Randomized Multicenter Trial of Initiated Facilitated Percutaneous Coronary Intervention (PCI) Versus Primary PCI in ST-Segment Elevation Myocardial Infarction - LIPSIA-STEMI
The goal of the trial was to evaluate a strategy of fibrinolysis and transfer for percutaneous coronary intervention (PCI) compared with transfer for primary PCI among patients with ST-segment elevation myocardial infarction (STEMI) presenting to hospitals without cardiac catheterization laboratories.
Facilitated PCI will reduce infarct size.
- Patients with STEMI within 3 hours of symptom onset
Number of enrollees: 162
Duration of follow-up: 30 days
Mean patient age: 63 years
Percentage female: 24%
- Contraindication to fibrinolysis
- Contraindication to magnetic resonance imaging
- Infarct size assessed by magnetic resonance imaging
- Microvascular obstruction
- Early ST-segment resolution
- Composite of death, myocardial infarction, or congestive heart failure within 30 days
Patients with STEMI within 3 hours of symptom onset were randomized in the ambulance to facilitated PCI with tenecteplase (n = 81) versus transfer for primary PCI (n = 81).
All patients received aspirin 500 mg, clopidogrel 600 mg, and unfractionated heparin 60 U/kg to maximum of 5000 U. Glycoprotein IIb/IIIa inhibitors were recommended in all patients at the time of PCI.
Overall, 162 patients were randomized. The mean age was 63 years, 24% were women, 36% had diabetes, anterior myocardial infarction was present in 43%, systolic blood pressure was 130 mm Hg, and median transportation distance was 92 miles. Adjuvant medications were similar between the groups, except for glycoprotein IIb/IIIa inhibitors, which were used in 29% of the facilitated group versus 88% of the primary PCI group (p < 0.001), respectively.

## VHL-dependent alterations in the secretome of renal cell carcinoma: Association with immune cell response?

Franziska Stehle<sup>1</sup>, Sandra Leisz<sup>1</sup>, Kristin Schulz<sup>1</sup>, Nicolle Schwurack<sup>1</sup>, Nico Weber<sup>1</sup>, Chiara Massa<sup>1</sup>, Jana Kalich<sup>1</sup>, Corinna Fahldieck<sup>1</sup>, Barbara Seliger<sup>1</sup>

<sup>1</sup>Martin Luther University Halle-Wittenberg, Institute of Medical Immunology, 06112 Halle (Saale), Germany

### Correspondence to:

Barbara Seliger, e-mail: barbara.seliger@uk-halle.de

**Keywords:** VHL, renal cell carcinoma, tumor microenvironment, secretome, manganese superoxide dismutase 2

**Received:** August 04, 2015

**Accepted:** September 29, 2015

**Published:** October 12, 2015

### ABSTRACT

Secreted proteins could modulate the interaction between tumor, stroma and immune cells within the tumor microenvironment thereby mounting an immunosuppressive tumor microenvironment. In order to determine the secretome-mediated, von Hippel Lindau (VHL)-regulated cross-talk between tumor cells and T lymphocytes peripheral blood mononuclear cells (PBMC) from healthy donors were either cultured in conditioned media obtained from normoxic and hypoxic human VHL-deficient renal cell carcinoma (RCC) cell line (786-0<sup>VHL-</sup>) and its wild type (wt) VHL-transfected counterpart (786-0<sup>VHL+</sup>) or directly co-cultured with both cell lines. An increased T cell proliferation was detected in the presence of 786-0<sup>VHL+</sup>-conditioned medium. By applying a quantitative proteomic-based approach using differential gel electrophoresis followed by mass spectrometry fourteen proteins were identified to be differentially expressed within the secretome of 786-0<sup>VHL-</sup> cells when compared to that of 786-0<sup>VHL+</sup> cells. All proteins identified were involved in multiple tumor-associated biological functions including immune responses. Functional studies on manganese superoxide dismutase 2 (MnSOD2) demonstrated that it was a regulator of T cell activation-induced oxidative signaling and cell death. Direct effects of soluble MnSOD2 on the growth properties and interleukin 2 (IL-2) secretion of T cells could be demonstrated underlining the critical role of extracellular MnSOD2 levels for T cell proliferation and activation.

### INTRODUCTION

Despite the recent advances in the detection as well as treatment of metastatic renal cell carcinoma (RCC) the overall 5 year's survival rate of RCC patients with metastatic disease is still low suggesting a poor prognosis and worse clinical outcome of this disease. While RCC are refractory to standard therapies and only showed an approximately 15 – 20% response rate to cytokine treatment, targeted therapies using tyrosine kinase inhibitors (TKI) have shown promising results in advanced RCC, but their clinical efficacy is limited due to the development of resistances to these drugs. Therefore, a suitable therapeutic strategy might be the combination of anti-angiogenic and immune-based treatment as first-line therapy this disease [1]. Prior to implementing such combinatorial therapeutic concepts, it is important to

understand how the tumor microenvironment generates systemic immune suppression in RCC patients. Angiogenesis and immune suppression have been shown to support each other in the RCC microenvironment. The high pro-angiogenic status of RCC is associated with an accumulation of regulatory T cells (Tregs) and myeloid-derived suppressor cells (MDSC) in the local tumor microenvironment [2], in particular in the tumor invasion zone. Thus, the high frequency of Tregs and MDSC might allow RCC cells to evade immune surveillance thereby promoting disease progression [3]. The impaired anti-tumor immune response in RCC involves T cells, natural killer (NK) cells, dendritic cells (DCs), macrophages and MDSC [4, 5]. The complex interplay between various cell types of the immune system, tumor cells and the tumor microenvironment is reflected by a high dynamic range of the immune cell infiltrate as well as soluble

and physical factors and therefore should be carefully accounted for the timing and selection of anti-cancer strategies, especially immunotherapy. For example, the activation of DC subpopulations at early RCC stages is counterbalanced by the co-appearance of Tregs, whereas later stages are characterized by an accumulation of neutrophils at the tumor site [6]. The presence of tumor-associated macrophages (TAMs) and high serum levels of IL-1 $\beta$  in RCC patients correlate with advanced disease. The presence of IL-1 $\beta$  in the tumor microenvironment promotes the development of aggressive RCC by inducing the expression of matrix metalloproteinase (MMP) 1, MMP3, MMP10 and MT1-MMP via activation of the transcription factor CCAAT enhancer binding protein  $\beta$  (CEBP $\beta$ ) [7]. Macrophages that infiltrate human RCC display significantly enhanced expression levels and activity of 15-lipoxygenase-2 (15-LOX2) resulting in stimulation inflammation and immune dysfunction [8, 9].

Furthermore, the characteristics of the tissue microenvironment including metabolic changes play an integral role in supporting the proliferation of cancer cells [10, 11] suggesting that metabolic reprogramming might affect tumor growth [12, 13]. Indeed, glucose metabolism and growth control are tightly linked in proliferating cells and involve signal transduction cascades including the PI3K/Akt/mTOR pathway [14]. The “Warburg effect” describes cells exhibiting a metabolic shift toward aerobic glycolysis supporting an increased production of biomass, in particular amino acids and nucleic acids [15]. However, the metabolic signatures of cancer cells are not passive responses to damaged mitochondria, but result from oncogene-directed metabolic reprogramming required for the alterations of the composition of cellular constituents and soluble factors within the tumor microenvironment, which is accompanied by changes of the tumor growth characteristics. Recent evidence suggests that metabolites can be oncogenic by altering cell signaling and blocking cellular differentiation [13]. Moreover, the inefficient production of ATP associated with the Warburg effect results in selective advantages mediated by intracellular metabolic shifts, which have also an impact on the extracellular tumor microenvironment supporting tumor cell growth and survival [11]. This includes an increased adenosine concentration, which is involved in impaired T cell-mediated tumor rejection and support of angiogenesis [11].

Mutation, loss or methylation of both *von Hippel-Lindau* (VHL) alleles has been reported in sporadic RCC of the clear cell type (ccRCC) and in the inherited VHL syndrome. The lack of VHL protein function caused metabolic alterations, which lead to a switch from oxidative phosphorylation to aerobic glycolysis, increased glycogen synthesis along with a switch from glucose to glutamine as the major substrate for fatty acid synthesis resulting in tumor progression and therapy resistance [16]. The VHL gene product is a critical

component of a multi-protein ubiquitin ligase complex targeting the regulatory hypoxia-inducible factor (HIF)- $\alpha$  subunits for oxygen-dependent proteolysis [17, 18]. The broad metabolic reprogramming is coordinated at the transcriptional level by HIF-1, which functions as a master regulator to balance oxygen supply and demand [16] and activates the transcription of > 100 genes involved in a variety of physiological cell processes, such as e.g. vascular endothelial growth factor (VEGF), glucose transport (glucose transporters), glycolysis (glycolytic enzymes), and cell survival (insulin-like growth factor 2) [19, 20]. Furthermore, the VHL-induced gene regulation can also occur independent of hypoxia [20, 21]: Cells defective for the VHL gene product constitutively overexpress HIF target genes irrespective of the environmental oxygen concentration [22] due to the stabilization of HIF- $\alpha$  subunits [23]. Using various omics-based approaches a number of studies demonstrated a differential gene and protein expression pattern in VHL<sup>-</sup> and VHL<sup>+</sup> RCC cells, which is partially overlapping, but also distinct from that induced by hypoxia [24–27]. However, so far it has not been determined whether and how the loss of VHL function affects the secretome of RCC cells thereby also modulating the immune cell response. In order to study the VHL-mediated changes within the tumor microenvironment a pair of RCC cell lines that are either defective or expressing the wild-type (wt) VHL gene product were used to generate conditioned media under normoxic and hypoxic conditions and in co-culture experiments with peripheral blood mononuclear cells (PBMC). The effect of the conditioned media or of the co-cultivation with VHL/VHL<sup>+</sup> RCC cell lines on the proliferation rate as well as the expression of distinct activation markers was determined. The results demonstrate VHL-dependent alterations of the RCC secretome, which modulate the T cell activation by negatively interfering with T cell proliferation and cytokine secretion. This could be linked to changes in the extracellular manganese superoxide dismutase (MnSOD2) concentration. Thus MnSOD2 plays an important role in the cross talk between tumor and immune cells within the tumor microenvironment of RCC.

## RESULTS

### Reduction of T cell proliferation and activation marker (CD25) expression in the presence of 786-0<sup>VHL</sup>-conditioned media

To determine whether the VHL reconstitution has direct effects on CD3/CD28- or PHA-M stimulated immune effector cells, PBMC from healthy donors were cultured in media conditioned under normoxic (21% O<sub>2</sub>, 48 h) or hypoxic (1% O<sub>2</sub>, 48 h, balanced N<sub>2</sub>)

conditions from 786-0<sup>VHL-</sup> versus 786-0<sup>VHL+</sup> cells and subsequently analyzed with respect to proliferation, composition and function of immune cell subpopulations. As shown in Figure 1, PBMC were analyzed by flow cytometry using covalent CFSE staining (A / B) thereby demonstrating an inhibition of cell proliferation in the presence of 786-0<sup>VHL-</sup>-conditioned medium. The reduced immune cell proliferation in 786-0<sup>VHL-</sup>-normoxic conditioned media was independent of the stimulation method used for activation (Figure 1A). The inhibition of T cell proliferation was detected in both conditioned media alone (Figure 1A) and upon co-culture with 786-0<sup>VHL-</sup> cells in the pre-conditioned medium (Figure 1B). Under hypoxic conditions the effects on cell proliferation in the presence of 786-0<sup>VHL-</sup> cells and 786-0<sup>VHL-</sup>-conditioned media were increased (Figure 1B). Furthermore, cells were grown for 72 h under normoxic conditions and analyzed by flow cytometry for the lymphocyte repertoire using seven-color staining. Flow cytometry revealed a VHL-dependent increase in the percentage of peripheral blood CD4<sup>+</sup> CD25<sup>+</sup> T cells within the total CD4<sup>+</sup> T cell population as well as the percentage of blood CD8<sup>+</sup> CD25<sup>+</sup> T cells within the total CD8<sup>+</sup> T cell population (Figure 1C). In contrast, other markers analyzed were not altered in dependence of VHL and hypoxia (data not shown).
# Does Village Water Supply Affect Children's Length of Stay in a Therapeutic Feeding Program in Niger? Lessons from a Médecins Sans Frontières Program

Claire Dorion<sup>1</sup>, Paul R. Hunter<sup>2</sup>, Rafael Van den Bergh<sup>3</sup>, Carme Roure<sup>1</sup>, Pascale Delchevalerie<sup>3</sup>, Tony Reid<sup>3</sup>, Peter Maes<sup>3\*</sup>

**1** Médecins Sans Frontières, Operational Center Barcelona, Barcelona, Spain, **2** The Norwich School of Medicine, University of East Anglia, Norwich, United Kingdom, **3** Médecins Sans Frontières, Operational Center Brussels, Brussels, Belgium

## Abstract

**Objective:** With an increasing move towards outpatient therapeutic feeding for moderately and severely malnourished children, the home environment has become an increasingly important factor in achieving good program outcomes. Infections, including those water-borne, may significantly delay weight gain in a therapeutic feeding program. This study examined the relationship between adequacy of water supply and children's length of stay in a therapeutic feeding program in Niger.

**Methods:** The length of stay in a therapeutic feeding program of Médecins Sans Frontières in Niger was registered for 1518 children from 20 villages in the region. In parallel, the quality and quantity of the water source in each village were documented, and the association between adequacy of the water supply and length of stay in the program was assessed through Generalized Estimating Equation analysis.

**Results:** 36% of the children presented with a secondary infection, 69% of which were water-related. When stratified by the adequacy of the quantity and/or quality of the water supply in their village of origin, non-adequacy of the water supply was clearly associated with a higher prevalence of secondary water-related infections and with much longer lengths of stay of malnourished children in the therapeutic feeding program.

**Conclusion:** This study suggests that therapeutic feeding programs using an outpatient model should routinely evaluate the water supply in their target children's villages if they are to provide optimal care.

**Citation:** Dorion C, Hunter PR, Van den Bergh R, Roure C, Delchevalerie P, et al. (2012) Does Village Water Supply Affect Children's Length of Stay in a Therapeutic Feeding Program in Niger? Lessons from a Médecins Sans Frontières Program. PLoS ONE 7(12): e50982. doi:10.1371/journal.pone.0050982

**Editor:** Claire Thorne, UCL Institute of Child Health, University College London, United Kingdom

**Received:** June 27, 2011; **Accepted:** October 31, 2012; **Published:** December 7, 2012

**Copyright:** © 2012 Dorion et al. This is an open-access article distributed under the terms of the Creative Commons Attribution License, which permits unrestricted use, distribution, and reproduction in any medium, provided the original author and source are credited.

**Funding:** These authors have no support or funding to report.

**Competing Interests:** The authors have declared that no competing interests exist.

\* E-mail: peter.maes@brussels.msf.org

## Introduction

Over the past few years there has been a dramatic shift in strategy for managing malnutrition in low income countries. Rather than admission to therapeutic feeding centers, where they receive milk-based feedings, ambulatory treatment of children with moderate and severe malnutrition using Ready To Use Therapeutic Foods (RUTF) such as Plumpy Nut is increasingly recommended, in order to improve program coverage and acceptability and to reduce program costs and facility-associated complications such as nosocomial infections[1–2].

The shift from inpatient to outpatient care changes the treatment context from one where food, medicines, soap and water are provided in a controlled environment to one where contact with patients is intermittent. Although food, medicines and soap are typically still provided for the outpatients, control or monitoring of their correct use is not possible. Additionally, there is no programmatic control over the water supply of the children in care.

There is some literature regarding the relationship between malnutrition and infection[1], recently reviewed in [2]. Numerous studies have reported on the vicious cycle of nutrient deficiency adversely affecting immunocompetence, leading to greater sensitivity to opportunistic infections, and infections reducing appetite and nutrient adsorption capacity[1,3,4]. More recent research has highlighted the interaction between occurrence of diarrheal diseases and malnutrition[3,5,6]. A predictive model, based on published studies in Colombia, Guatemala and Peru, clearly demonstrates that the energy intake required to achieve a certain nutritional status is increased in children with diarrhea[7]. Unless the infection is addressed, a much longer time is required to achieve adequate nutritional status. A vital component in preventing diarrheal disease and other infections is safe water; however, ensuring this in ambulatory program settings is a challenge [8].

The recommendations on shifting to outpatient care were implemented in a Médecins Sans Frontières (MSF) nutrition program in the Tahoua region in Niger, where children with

The time from symptom onset to balloon inflation was 158 minutes in the facilitated group versus 131 minutes in the primary PCI group (p = 0.01). TIMI flow grade 3 pre-procedure was present in 44% of the facilitated group versus 24% of the primary PCI group (p < 0.001).
The primary endpoint, infarct size, was 17.9% of the facilitated group versus 13.7% of the primary PCI group (p = 0.10). There was no difference in the primary endpoint according to prespecified subgroup analysis.
Early microvascular obstruction was 3.4% versus 1.9% (p = 0.06), late microvascular obstruction was 1.3% versus 0.9% (p = 0.09), left ventricular ejection fraction was 57.4% versus 60.3% (p = 0.72), no ST-segment recovery was 16.9% versus 12.8% (p = NS), composite adverse events were 19.8% versus 13.6% (p = 0.13), and GUSTO severe/life-threatening bleeding was 2.5% versus 2.5%, respectively, for facilitated versus primary PCI.
Among patients with STEMI presenting very early from symptom onset (<3 hours), there was no benefit to fibrinolysis and transfer for PCI versus immediate transfer for primary PCI. Facilitated PCI did not improve infarct size, left ventricular ejection fraction, or clinical outcomes.
The time from symptom onset to balloon inflation was 27 minutes longer in the facilitated group in part due to the delay required to administer fibrinolytics. Despite the longer symptom to balloon time in the facilitated group, there was a 20% absolute increase in preprocedure TIMI 3 flow. The ASSENT-4 and FINESSE trials were also unable to document benefit from a facilitated PCI strategy.
Thiele H, Eitel I, Meinberg C, et al. Randomized Comparison of Pre-Hospital–Initiated Facilitated Percutaneous Coronary Intervention Versus Primary Percutaneous Coronary Intervention in Acute Myocardial Infarction Very Early After Symptom Onset: The LIPSIA-STEMI Trial (Leipzig Immediate Prehospital Facilitated Angioplasty in ST-Segment Myocardial Infarction). JACC Cardiovasc Interv 2011;4:605-614.
Keywords: Myocardial Infarction, Follow-Up Studies, Fibrinolysis, Cardiac Catheterization, Stroke Volume, Blood Pressure, Tissue Plasminogen Activator, Angioplasty, Balloon, Coronary, Diabetes Mellitus
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